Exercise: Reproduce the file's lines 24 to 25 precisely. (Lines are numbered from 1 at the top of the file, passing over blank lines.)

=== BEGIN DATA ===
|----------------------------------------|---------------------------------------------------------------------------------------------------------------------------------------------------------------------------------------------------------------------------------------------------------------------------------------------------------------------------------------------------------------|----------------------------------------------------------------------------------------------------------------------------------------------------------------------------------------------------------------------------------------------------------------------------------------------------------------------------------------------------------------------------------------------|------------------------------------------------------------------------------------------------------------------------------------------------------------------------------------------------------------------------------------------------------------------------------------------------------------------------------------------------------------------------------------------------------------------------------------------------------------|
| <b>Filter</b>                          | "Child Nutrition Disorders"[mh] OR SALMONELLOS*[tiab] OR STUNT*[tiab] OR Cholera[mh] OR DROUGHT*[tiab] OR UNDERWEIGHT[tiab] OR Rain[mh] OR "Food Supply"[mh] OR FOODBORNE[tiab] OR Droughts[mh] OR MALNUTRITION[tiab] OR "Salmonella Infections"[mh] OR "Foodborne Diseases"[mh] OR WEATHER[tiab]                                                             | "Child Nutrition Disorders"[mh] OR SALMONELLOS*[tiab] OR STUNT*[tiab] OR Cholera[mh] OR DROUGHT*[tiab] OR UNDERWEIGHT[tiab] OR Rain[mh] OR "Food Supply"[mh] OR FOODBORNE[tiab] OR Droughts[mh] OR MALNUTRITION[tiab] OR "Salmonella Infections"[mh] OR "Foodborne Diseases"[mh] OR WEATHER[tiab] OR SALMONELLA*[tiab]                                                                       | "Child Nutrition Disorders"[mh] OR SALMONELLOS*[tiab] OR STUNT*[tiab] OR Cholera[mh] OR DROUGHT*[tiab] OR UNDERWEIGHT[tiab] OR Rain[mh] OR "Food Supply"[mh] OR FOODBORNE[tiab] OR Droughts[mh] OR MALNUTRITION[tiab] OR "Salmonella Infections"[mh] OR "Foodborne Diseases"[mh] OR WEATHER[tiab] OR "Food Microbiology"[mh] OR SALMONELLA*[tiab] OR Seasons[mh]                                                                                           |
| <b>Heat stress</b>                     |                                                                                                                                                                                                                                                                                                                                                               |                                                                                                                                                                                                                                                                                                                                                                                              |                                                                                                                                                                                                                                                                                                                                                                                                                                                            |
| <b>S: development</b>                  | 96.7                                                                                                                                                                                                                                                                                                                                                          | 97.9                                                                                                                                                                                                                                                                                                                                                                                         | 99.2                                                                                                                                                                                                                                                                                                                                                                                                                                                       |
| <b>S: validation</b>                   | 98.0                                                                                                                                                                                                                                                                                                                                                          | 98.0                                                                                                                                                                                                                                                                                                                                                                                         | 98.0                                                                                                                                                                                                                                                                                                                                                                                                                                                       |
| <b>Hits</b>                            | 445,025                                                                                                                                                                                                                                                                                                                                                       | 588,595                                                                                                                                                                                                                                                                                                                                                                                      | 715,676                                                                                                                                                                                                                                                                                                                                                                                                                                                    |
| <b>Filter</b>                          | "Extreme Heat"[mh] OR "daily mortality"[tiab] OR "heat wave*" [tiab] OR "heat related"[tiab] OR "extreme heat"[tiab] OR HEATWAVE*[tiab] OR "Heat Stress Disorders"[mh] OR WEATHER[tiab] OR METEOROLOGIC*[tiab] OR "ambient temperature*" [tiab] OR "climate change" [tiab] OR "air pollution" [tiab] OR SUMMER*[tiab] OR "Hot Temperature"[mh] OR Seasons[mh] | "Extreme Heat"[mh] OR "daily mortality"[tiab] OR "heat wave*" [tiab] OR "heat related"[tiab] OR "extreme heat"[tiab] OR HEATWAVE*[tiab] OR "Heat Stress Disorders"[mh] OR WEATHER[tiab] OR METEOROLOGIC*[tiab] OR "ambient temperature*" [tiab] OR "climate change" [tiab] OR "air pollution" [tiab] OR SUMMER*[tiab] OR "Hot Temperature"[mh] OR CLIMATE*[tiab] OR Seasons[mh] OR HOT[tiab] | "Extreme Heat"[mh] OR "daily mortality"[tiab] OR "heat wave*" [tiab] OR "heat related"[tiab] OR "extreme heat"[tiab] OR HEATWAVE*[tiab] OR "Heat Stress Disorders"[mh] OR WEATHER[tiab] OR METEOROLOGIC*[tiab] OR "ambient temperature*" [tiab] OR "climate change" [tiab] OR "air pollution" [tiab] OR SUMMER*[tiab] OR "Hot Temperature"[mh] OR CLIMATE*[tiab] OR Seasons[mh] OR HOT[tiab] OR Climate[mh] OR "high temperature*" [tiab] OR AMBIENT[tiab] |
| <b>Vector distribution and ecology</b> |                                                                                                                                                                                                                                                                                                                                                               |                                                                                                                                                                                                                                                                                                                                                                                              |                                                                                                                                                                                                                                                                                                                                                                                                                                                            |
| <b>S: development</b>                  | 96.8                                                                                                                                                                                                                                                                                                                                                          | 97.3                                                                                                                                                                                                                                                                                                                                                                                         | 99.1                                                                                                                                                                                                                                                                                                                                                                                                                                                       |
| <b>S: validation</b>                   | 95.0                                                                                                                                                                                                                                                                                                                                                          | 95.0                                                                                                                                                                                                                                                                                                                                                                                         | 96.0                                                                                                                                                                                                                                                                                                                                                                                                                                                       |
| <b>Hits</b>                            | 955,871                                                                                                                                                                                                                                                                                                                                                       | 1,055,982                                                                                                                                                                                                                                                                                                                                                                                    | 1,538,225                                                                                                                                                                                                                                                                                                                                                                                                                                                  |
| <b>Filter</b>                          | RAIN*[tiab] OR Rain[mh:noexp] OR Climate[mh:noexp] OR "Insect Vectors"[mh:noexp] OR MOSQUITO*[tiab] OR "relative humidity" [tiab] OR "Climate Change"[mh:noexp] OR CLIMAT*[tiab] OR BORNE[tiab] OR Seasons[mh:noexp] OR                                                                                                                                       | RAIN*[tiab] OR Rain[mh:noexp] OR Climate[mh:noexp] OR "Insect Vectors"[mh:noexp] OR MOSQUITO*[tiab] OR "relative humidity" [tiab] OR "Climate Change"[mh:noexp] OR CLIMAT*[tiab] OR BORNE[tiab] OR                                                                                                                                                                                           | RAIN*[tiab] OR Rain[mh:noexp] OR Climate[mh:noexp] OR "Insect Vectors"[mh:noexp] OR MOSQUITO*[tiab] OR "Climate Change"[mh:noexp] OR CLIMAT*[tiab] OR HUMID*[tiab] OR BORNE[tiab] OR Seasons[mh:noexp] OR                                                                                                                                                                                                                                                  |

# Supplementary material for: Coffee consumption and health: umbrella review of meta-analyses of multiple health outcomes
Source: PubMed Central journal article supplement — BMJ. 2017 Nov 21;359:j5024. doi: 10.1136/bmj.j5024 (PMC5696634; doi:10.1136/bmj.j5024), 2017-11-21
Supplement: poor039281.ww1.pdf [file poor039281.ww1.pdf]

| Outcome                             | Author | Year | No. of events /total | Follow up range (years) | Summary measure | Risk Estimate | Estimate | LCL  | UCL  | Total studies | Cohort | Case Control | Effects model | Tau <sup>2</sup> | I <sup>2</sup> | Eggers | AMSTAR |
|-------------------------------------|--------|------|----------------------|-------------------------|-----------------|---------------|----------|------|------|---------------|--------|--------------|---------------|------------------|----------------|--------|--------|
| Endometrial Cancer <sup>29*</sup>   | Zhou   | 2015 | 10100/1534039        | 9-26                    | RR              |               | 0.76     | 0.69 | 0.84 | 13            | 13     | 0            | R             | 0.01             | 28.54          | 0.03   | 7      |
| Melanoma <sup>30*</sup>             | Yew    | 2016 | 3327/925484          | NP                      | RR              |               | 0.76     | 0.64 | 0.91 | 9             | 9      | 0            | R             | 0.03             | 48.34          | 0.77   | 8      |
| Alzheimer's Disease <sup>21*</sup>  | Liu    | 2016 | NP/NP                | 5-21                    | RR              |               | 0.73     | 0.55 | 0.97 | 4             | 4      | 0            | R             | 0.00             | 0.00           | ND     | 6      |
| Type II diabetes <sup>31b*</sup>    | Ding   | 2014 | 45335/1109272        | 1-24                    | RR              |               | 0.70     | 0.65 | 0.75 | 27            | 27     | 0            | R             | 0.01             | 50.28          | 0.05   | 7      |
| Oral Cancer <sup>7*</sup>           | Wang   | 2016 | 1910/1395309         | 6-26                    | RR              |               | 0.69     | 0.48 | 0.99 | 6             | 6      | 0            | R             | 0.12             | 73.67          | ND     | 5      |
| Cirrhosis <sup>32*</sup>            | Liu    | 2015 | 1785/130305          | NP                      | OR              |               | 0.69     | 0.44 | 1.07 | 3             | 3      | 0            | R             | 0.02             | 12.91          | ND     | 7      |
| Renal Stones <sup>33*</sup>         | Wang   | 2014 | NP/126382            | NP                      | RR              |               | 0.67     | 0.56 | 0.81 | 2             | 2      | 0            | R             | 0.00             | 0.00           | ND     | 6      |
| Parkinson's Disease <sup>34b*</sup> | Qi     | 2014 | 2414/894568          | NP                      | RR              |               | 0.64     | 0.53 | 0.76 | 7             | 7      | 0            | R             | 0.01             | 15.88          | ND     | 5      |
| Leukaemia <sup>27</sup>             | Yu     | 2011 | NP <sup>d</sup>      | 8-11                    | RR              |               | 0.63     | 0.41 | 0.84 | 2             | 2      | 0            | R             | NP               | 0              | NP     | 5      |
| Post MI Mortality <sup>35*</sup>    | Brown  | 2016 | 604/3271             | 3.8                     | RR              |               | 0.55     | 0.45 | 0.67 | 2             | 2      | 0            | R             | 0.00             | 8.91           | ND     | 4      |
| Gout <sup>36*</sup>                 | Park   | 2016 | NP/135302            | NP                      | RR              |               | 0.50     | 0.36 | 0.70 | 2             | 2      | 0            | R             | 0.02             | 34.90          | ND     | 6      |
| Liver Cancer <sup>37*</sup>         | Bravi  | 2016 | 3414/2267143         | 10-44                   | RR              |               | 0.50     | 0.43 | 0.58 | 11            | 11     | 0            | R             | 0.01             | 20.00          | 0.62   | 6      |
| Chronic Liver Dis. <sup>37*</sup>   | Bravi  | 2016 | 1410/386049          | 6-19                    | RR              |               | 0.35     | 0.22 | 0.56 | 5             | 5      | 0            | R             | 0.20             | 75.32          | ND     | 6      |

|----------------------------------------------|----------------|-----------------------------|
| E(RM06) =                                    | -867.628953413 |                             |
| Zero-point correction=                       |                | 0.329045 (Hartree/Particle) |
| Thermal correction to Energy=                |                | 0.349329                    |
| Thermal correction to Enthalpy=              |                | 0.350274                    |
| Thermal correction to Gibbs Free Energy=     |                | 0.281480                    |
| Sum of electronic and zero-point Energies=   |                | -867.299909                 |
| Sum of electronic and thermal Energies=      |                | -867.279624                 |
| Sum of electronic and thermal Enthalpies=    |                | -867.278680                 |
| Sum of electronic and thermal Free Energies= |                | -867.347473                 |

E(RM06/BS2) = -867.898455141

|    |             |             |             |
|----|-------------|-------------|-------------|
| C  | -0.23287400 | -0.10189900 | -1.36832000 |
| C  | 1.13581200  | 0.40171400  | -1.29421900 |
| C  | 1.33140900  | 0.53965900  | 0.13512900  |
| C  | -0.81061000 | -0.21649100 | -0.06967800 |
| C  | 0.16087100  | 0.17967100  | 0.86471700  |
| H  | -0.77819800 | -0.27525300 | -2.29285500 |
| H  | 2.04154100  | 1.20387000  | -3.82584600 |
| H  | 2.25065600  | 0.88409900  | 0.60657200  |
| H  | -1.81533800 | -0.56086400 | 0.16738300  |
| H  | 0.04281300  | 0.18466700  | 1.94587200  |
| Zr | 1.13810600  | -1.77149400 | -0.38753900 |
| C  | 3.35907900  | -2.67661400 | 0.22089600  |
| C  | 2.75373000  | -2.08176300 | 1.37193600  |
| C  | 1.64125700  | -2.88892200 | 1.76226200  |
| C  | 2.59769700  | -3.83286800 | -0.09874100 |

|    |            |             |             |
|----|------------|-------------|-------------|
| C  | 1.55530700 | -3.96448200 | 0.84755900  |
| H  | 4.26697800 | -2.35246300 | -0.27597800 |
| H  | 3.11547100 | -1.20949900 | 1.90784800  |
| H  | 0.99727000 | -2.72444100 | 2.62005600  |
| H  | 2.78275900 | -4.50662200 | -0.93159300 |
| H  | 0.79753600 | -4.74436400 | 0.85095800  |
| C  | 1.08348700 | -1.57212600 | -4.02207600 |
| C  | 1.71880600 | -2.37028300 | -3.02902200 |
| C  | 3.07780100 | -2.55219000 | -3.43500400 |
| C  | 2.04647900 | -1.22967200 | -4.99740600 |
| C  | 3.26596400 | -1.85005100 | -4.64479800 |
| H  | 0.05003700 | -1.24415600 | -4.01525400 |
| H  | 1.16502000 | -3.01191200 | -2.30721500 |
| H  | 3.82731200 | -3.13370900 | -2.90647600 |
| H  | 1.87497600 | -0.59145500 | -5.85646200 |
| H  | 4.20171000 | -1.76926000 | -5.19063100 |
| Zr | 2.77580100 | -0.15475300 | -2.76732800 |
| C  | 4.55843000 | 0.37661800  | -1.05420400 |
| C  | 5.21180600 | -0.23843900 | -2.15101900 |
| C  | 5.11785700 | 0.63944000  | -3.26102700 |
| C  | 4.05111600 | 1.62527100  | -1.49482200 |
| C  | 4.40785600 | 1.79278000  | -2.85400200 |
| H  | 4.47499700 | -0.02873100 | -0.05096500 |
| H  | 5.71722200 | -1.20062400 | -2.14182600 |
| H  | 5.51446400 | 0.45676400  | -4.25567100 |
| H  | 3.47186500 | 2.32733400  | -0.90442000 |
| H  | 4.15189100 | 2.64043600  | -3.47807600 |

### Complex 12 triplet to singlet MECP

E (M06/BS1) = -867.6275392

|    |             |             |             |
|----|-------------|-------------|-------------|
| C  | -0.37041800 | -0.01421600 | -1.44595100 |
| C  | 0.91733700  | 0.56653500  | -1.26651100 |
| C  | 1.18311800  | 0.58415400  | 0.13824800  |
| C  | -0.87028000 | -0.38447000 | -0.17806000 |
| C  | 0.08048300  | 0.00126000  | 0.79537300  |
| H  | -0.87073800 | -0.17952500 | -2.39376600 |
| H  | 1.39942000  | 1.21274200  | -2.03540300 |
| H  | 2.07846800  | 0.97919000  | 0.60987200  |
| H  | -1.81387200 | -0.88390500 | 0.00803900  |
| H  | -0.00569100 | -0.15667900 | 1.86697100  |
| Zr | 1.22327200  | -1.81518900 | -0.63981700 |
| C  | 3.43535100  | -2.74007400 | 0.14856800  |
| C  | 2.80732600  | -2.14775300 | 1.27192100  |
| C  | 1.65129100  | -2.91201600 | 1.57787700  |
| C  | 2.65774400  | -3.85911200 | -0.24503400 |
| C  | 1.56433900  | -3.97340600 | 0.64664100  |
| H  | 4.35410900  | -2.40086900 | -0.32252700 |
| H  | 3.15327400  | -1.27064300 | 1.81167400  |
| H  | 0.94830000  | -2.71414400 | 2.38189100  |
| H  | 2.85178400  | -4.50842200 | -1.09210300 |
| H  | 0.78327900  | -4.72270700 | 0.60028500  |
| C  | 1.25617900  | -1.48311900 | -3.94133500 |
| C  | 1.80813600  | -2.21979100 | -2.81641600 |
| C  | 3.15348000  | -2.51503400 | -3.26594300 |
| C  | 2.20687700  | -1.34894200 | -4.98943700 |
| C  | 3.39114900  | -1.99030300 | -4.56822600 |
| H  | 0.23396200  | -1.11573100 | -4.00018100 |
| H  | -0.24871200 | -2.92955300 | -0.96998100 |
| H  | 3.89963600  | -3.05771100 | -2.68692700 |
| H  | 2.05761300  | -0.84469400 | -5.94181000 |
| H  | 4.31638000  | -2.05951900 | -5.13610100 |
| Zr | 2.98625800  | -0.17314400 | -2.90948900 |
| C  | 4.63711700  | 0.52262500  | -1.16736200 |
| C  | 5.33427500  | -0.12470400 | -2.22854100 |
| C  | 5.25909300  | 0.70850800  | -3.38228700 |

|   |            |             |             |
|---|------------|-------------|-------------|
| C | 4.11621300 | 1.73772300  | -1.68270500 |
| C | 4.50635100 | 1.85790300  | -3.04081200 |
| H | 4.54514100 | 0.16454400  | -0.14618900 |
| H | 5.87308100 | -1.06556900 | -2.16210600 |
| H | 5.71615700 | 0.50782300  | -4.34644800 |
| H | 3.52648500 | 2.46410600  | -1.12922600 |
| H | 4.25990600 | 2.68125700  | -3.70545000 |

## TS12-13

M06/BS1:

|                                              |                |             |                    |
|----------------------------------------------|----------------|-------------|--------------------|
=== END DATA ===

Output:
| Renal Stones <sup>33*</sup>         | Wang   | 2014 | NP/126382            | NP                      | RR              |               | 0.67     | 0.56 | 0.81 | 2             | 2      | 0            | R             | 0.00             | 0.00           | ND     | 6      |
| Parkinson's Disease <sup>34b*</sup> | Qi     | 2014 | 2414/894568          | NP                      | RR              |               | 0.64     | 0.53 | 0.76 | 7             | 7      | 0            | R             | 0.01             | 15.88          | ND     | 5      |